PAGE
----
Q: Tell us a bit about your experience and background
I started my career as a Revenue Analyst in Czech Airlines many years ago. Afterward, I created and optimizing pricing strategies, analyzing the demand for different companies. However, I always wanted to return to Revenue Management as it is a perfect combination of analytical skills, knowledge and clever use of data and tools to actively help a company optimizing the most essential metric – revenue.
Last year I excitingly took on the role of a Revenue Optimisation Manager in Bohemian Hostels and Hotels and faced two big challenges– the new environment and the development of tools. I was counting on my experience from the airline industry as there are some similarities, and I complimented past experience with professional knowledge about Hospitality Revenue Management from Cornell University course. Furthermore, and most importantly, I developed my own knowledge & experience.
Q: What is the most common revenue management mistake you encounter?
The most common mistakes are simply not getting the basics of revenue management right: including techniques such as measuring results, making sense out of data, offering prices and products according to market demand, as well as having an efficient control and fast response to the market.
A common revenue management mistake would be applying the typical sales logic of ‘volume is always good’ which is valid in many other industries. That logic often does not take into account that for example, a big group might displace other higher-paying guests because the capacity is limited in hotels. Managing the booking source is commonly overlooked as properties tend to go for “fast and easy” booking sources.
I think this is an important observation because the booking source affects the type of guests you get, for example, relying on big groups. In turn, this will affect the atmosphere in your property. This is why it should be taking into account ahead of time, and the optimal booking source metrics should be planned as part of the overall strategy.
Q: From your experience, what is the difference between managing revenue in a hotel VS in a hostel?
Firstly, one must take into account the considerably different customer segments and customer behavior. By that, I don’t mean that hostels’ guests are exclusively backpackers. We offer a boutique hostel product that is attractive not only because of its affordable prices but mainly for its social environment!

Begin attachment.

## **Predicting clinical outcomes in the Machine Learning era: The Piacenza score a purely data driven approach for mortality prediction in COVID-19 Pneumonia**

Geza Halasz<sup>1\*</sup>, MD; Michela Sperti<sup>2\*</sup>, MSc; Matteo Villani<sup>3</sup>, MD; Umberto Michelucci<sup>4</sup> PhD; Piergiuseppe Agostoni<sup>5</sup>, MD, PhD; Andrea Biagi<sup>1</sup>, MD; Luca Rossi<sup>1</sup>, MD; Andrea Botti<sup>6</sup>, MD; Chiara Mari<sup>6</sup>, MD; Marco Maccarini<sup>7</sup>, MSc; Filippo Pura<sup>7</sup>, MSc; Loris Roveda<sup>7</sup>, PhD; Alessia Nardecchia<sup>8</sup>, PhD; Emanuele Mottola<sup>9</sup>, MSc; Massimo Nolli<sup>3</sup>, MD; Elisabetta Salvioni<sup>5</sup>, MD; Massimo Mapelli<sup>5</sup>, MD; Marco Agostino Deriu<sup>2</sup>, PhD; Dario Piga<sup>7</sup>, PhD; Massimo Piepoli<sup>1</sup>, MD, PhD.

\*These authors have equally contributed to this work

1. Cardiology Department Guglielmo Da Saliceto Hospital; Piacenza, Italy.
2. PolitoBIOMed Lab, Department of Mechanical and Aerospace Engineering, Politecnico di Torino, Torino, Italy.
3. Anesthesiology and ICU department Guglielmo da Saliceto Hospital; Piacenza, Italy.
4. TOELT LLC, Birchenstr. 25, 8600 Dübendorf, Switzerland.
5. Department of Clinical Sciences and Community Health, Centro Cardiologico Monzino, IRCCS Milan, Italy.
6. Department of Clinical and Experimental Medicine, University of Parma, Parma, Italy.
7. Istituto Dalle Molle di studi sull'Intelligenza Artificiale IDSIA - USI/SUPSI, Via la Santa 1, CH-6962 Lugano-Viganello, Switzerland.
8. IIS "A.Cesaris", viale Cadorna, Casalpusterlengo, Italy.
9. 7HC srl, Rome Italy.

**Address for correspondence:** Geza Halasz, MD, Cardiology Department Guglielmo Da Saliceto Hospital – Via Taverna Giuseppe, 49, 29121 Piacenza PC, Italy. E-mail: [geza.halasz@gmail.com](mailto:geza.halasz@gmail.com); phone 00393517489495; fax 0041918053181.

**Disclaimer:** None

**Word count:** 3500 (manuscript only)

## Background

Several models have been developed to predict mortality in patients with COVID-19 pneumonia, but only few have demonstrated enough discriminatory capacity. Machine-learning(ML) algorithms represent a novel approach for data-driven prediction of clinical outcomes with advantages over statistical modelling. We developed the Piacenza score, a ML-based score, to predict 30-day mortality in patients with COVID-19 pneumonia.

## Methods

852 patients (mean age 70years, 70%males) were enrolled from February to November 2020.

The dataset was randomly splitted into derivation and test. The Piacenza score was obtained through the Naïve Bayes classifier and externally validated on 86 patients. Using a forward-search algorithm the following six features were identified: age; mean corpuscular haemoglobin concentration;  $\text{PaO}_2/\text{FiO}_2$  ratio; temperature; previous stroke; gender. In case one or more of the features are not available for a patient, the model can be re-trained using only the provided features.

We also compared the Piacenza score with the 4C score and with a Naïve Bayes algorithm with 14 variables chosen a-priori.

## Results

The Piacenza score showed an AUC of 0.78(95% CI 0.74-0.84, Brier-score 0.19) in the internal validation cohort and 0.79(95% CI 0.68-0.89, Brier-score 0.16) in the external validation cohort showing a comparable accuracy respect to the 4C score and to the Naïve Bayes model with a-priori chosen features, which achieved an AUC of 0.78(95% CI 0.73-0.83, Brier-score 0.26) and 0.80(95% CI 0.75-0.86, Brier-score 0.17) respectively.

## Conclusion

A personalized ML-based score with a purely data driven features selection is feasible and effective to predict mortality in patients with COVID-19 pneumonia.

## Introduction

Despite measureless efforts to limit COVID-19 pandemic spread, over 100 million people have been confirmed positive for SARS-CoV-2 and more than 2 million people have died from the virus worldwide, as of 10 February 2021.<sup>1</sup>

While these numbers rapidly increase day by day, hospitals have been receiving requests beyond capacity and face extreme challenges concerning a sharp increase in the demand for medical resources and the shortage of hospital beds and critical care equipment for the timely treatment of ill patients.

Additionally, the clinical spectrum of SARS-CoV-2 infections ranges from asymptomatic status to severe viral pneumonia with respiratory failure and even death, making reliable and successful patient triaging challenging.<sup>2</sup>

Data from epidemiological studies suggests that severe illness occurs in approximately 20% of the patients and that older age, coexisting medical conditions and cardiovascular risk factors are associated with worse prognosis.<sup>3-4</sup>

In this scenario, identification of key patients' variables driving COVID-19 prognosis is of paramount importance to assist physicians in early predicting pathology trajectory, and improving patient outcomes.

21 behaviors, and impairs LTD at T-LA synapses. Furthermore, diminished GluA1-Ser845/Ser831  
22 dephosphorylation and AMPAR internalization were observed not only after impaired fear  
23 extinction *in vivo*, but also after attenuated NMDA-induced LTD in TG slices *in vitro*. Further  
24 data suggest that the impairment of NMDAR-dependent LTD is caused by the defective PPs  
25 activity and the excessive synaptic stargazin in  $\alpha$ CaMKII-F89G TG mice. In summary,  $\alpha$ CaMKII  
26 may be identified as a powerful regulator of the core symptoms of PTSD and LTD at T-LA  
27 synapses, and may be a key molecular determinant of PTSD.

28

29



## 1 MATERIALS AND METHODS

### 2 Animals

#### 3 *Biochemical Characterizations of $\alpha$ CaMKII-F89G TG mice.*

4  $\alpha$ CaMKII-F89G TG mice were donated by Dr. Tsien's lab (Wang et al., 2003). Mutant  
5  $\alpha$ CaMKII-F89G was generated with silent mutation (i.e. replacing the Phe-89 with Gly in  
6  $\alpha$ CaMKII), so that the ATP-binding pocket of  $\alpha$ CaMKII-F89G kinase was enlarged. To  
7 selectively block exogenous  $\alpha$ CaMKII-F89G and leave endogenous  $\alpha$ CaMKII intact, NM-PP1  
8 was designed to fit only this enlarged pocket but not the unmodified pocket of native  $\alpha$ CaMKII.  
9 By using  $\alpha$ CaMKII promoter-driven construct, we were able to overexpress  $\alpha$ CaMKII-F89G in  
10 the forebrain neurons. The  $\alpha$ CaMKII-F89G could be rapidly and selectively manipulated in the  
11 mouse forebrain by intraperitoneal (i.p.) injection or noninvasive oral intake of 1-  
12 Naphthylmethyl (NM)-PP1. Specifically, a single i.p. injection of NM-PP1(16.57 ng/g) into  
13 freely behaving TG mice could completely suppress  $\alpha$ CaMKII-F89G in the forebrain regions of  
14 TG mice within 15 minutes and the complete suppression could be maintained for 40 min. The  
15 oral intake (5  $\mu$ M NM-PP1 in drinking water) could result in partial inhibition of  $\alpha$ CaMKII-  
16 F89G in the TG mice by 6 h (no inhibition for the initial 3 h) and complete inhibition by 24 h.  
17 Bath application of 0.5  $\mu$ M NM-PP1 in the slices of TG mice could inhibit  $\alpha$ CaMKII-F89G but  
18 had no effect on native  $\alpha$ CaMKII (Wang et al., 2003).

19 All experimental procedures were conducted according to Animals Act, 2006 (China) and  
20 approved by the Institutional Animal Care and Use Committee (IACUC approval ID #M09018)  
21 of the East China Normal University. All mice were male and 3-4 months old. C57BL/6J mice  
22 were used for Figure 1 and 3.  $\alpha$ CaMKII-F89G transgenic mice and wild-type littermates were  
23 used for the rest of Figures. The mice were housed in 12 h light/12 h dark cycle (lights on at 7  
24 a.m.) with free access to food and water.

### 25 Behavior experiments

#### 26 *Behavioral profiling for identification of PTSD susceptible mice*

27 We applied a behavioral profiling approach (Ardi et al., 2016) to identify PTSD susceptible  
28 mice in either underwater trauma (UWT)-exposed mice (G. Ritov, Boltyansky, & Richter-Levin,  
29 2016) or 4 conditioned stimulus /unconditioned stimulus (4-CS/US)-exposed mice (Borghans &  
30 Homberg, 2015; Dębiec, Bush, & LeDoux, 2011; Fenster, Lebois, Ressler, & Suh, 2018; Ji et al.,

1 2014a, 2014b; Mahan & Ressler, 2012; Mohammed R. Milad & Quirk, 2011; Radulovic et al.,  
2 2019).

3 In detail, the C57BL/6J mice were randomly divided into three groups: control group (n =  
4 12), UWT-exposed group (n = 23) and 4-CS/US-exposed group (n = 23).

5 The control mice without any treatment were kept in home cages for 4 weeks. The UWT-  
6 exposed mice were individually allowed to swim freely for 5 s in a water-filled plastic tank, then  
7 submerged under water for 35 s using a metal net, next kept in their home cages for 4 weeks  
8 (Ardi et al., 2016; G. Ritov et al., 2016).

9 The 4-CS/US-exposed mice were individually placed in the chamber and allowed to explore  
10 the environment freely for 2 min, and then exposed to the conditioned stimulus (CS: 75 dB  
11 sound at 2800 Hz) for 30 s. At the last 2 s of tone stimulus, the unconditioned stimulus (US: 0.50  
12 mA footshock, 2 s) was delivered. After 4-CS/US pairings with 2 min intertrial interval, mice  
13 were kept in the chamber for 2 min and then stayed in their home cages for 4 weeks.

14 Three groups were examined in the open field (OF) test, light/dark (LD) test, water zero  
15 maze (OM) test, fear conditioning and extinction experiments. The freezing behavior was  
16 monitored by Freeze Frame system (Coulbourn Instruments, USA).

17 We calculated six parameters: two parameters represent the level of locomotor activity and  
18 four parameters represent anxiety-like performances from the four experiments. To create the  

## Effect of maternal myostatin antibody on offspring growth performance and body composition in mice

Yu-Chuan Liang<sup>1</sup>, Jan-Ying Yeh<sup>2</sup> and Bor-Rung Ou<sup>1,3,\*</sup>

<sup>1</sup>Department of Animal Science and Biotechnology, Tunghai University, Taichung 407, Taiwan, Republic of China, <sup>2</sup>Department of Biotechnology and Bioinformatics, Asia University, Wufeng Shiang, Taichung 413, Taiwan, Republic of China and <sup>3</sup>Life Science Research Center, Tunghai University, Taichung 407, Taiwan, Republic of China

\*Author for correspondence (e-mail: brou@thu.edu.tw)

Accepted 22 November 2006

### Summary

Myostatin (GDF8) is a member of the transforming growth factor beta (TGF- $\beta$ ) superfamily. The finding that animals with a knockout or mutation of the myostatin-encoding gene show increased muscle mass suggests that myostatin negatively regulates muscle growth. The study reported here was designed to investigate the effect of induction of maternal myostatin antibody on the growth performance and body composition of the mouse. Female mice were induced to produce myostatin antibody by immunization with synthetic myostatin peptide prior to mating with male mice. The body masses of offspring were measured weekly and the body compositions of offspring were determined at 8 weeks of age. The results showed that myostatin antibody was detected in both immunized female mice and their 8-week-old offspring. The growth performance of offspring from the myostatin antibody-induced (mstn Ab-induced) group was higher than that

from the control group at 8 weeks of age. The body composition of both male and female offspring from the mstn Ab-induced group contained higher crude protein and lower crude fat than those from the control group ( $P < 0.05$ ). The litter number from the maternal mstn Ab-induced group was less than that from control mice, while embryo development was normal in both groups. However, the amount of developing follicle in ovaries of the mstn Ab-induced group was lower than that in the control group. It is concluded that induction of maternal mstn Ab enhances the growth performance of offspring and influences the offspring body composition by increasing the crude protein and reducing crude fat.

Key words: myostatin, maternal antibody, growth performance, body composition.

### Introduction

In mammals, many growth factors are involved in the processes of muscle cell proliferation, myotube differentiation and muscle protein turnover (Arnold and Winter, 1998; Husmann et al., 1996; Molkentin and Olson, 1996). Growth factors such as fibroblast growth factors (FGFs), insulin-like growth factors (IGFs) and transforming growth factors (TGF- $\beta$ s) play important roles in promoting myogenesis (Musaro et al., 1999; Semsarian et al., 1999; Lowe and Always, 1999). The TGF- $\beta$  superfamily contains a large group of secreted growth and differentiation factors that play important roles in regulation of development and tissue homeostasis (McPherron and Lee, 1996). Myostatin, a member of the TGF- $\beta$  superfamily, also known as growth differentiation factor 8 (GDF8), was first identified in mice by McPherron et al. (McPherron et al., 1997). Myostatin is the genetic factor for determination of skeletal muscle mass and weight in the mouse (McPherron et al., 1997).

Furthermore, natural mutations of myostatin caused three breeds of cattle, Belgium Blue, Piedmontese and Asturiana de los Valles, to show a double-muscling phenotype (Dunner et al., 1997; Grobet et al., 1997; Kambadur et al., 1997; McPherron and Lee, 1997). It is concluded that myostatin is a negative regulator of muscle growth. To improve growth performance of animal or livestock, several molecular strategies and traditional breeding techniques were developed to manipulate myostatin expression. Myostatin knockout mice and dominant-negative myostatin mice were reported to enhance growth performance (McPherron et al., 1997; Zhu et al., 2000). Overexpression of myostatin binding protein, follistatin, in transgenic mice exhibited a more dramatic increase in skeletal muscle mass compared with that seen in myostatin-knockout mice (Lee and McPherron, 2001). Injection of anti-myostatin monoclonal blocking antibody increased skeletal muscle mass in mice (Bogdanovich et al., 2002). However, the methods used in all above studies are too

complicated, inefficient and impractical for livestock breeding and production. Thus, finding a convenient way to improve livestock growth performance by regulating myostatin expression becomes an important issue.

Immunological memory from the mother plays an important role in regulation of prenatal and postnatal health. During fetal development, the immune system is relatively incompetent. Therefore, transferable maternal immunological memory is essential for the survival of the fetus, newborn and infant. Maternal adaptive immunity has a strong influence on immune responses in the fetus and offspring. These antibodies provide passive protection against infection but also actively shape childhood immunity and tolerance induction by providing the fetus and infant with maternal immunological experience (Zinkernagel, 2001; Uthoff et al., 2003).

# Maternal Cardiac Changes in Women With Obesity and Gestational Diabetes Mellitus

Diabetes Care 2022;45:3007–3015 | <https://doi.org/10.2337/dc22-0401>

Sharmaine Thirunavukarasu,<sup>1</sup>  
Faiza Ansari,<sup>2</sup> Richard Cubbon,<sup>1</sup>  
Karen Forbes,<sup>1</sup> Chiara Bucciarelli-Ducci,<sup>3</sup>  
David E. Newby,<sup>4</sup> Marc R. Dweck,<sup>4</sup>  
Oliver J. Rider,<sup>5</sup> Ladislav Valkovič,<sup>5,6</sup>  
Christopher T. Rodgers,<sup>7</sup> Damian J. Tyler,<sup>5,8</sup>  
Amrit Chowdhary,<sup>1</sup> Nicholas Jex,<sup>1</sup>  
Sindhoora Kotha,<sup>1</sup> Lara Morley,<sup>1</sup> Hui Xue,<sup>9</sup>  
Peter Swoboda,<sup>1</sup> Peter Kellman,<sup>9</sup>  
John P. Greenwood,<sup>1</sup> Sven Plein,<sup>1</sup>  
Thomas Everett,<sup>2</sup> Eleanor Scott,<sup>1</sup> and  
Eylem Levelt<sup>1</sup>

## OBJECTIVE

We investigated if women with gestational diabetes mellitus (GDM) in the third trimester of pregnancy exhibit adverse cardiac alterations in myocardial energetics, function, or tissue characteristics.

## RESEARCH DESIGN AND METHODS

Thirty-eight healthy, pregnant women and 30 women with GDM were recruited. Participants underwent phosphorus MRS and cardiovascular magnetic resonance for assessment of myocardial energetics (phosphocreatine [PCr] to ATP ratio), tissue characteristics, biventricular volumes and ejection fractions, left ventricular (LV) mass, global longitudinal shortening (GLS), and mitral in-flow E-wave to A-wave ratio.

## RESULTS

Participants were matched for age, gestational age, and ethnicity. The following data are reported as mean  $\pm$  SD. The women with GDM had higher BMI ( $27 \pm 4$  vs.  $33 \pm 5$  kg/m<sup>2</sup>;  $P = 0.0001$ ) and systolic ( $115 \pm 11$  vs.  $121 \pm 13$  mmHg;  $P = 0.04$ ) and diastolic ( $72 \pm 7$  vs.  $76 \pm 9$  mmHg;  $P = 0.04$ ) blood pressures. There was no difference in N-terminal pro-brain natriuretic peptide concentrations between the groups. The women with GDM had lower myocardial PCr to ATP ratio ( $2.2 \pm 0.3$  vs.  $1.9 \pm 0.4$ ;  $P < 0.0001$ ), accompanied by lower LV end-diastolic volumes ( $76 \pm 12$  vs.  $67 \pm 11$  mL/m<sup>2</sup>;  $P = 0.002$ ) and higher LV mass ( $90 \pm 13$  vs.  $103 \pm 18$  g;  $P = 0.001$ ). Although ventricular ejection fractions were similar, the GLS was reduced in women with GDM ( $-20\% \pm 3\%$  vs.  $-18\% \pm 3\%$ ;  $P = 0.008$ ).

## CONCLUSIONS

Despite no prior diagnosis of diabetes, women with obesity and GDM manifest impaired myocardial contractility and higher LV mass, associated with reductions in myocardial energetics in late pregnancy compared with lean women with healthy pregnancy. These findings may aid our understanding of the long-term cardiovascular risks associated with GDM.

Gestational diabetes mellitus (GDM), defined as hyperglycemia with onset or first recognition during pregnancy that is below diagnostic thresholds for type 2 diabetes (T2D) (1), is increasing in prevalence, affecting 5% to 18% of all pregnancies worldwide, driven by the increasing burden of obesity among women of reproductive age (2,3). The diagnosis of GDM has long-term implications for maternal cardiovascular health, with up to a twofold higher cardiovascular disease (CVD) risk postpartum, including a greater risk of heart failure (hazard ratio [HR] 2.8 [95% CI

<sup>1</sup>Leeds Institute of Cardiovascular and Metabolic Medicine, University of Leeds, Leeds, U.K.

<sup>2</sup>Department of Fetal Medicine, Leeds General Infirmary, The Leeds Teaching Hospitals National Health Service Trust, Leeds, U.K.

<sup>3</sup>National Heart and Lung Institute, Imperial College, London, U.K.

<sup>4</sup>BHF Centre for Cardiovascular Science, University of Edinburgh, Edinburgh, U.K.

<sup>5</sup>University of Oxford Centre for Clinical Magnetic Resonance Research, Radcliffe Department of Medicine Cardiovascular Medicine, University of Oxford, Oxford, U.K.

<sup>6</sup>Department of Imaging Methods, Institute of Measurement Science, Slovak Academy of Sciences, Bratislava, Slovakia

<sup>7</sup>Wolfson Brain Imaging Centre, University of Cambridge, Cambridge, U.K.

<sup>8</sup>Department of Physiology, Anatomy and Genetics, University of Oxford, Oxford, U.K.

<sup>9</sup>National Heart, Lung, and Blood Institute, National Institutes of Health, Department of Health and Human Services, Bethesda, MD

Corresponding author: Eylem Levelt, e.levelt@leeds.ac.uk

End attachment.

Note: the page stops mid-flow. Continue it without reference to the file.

Hostels guests are much more price-sensitive and flexible in terms of time and location compared to hotel guests as we can see in a completely different shape of the booking curves. There is a different booking behavior and there are even different seasons. The hostel guests are late bookers, often booking just a few days before arrival, compared to hotel guests. Accordingly, we use different RM techniques. For instance, different price conditions based on age, length of stay etc.
Q: Let’s talk about reports and resources. What are the most basic reports every accommodation provider should keep track of?
And what advice would you offer for choosing revenue management technology and tools?
In terms of basic reports, I would advise every property to keep reports and track the Sale by room type (occupancy rates per room type and ADR), Booking Pace report, Sales by Source, Competitors prices of course, as well as keeping track of events and important dates in the city or area.
As for choosing revenue management tools, it is important to note Revenue management technology and tools should suit your business model, especially in terms of complexity. A proper analysis of the status quo and needs should identify what information or tools you are lacking, what could be developed in-house and if it would make more sense to buy tools off the shelf. The technology should enhance the quality and efficiency of decision making, as well as automate parts of the revenue management process. The user should understand how to use the technology, costs should be offset by an increase in revenue or other value. Wrongly chosen tools might just add complexity and costs. It is always helpful to talk to existing customers of the tools you are considering and sharing experiences if possible. All in all, technology and tools are only as good as the users behind them and we cannot expect them to solve all of the challenges. Tools can only support great experts.
Q: Could you offer advice on how to determine floor and ceiling prices?
In theory, the price range should reflect the willingness to pay in the market, based on the products that are offered. The ceiling price should be the highest price a customer segment is willing to pay, floor price should be the lowest you need to generate demand and fill empty beds (but still being higher than variable costs to handle and serve the guests). In practice, how do you know what is a customer willing to pay? As is often the case in revenue management, it’s a trial and error process, accumulating knowledge based on past experiences, testing new strategies and learning fast. The competition is often an indicator as well as a limitation of course.